The Texas Board of Pardons and Paroles unanimously recommended that George Floyd, who was convicted on a drug charge in 2004 and killed by a police officer in 2020, be given a full pardon. But Thursday, when it came time for Gov. Greg Abbott to release his annual list of pardons and commutations, the board members changed their minds, the New York Times reports. The recommendation was dropped because of "procedural error," a spokeswoman for the governor said. Because the pardon recommendation was withdrawn, she said, "Governor Abbott did not have the opportunity to consider it."
Abbott did issue clemency to eight people Thursday. The public defender who had taken the pardon request to the board in May said she was furious, per the Texas Tribune. The request had already cleared a compliance review, Allison Mathis said, with none of the board members raising any concerns. She blamed Abbott. "It definitely seems like is that he didn’t want to have to vote on this, for whatever reason," Mathis said. "It just seems awfully convenient." The original request had said the arresting officer in the case had "manufactured the existence of confidential informants to bolster his cases against innocent defendants," per CNN.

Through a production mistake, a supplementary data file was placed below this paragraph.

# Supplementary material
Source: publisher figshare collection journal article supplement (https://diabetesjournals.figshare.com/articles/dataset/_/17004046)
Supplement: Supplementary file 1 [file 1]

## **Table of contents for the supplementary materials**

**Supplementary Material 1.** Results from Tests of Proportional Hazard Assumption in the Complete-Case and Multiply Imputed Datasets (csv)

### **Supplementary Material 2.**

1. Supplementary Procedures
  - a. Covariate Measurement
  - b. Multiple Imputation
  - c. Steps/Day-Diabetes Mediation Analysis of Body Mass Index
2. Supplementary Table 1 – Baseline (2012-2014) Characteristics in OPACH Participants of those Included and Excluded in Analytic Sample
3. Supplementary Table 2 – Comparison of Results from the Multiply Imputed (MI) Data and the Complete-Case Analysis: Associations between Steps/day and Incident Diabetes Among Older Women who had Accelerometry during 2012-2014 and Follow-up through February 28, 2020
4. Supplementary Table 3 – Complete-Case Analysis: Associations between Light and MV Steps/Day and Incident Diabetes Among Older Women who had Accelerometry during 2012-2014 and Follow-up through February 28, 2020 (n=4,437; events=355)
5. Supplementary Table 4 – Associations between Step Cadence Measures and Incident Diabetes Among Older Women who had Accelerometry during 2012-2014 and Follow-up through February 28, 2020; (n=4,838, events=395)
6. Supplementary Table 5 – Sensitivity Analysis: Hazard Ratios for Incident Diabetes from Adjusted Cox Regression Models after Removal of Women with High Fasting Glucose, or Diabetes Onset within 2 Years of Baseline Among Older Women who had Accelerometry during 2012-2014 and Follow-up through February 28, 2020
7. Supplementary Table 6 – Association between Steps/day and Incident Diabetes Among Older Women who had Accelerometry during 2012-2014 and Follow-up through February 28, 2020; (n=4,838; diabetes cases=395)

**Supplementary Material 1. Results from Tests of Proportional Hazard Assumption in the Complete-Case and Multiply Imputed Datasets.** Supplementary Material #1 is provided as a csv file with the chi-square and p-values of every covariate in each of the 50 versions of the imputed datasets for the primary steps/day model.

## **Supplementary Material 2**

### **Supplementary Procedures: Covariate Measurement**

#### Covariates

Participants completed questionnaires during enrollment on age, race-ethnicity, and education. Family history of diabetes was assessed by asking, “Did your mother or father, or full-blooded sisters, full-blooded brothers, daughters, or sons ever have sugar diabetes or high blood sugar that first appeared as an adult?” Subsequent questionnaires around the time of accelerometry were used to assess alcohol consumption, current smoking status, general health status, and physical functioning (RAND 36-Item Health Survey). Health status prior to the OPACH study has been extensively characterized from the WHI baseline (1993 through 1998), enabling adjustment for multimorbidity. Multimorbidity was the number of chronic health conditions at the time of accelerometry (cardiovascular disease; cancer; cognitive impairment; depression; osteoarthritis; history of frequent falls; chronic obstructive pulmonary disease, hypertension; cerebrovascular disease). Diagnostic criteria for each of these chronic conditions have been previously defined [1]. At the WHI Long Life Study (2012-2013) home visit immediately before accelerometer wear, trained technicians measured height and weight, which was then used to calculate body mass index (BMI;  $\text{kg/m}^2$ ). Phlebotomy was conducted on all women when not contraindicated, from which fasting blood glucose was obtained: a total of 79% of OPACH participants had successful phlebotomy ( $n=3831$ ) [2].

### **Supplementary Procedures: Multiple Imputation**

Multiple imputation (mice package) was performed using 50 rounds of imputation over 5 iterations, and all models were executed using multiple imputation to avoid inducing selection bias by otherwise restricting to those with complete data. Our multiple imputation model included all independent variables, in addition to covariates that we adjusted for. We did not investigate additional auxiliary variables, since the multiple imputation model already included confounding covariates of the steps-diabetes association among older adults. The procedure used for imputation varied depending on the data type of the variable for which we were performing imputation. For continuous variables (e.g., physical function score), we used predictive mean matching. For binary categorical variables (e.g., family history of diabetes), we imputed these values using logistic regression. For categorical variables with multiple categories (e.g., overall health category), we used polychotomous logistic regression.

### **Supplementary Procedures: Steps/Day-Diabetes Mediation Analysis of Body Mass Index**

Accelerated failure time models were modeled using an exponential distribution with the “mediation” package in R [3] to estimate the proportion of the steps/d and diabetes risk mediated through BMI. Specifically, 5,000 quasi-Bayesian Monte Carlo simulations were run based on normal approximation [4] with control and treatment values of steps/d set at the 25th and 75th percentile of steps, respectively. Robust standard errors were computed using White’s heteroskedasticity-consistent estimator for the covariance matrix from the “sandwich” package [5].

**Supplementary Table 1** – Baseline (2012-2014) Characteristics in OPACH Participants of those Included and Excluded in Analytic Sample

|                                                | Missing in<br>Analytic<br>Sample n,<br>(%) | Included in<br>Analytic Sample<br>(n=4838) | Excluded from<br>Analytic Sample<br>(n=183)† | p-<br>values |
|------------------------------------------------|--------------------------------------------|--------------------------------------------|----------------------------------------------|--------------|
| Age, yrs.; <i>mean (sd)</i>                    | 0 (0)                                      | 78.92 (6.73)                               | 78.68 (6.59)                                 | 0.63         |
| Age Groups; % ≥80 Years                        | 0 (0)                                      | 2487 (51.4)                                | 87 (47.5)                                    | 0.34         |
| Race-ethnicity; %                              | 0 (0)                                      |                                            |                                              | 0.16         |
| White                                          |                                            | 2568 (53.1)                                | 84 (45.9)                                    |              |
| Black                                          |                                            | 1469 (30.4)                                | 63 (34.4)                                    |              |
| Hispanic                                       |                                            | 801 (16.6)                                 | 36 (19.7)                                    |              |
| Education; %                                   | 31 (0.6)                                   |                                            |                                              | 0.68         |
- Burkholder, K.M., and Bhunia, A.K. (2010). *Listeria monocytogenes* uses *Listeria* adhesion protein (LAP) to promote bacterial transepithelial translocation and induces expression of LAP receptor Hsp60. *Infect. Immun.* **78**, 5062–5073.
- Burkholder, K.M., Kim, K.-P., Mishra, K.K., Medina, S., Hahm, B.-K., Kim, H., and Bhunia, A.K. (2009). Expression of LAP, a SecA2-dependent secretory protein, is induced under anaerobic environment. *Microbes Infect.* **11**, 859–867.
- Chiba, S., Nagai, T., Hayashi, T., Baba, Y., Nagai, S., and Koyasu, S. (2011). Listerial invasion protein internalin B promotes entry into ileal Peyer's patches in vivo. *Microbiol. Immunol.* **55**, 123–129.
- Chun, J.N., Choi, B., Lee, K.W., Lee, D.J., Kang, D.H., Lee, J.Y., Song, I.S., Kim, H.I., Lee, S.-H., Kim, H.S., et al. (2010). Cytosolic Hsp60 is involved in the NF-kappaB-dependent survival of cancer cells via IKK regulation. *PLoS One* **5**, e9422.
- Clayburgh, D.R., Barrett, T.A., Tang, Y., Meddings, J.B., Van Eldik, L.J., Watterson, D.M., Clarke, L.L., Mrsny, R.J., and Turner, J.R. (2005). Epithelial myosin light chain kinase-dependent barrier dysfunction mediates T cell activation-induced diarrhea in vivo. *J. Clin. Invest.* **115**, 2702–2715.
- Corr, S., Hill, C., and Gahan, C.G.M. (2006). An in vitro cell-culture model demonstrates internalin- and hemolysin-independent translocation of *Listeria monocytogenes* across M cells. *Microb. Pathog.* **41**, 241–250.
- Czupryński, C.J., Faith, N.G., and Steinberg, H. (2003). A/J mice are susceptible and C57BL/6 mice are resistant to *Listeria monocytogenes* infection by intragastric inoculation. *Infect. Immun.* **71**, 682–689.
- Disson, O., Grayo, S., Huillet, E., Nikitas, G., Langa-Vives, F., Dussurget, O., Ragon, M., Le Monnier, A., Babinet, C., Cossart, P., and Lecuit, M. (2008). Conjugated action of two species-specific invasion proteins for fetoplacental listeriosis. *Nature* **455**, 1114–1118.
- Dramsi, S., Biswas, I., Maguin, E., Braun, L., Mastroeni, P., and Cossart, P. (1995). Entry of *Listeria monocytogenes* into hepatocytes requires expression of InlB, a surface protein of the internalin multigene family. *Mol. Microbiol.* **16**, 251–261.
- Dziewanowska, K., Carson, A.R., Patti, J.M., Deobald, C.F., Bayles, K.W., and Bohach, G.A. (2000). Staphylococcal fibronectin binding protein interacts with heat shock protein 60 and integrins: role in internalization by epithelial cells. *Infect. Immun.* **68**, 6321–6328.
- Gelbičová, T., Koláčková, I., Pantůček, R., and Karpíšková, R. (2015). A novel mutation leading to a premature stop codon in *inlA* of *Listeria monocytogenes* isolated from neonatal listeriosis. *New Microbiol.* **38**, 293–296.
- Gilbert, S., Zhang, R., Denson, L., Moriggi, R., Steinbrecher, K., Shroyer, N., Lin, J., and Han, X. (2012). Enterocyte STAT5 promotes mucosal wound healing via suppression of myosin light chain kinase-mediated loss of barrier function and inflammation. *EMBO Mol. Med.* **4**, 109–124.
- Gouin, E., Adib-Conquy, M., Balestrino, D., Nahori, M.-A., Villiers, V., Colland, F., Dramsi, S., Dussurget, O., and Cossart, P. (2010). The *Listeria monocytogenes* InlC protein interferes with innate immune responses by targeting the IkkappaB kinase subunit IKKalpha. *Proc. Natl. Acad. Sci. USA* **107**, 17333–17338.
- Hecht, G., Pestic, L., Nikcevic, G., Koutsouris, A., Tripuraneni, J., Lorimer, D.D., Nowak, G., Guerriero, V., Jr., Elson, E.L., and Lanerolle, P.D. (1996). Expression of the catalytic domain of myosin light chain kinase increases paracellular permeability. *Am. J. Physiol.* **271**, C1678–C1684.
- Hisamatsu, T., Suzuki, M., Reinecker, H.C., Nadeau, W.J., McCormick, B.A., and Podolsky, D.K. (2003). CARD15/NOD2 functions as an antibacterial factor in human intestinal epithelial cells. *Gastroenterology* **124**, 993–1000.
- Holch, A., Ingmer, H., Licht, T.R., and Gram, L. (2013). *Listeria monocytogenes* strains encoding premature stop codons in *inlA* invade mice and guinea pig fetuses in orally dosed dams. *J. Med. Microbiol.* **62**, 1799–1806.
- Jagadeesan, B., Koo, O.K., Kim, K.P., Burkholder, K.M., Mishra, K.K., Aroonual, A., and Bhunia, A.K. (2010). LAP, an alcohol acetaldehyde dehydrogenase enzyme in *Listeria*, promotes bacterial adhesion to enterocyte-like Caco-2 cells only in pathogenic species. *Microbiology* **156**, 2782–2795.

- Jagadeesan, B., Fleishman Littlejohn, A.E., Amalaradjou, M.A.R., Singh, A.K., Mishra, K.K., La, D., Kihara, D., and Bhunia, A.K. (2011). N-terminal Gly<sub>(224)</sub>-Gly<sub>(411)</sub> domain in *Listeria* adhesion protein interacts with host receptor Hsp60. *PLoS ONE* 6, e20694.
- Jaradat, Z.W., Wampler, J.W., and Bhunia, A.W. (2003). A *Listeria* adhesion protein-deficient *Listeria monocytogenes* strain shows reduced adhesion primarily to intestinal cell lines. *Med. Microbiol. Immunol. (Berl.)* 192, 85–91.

The officer, Gerald Goines, now faces two murder charges, per Axios, and has been accused of lying to justify warrants involving a drug raid. Abbott, who had said his office would look into the pardon request after it was received in October, didn't rule out a future pardon of Floyd. The board withdrew 24 other recommendations at the same time, and his press secretary said the members will "review and resolve" the procedural errors. Mathis said she wasn't told what the specific problem was. (Read more George Floyd stories.)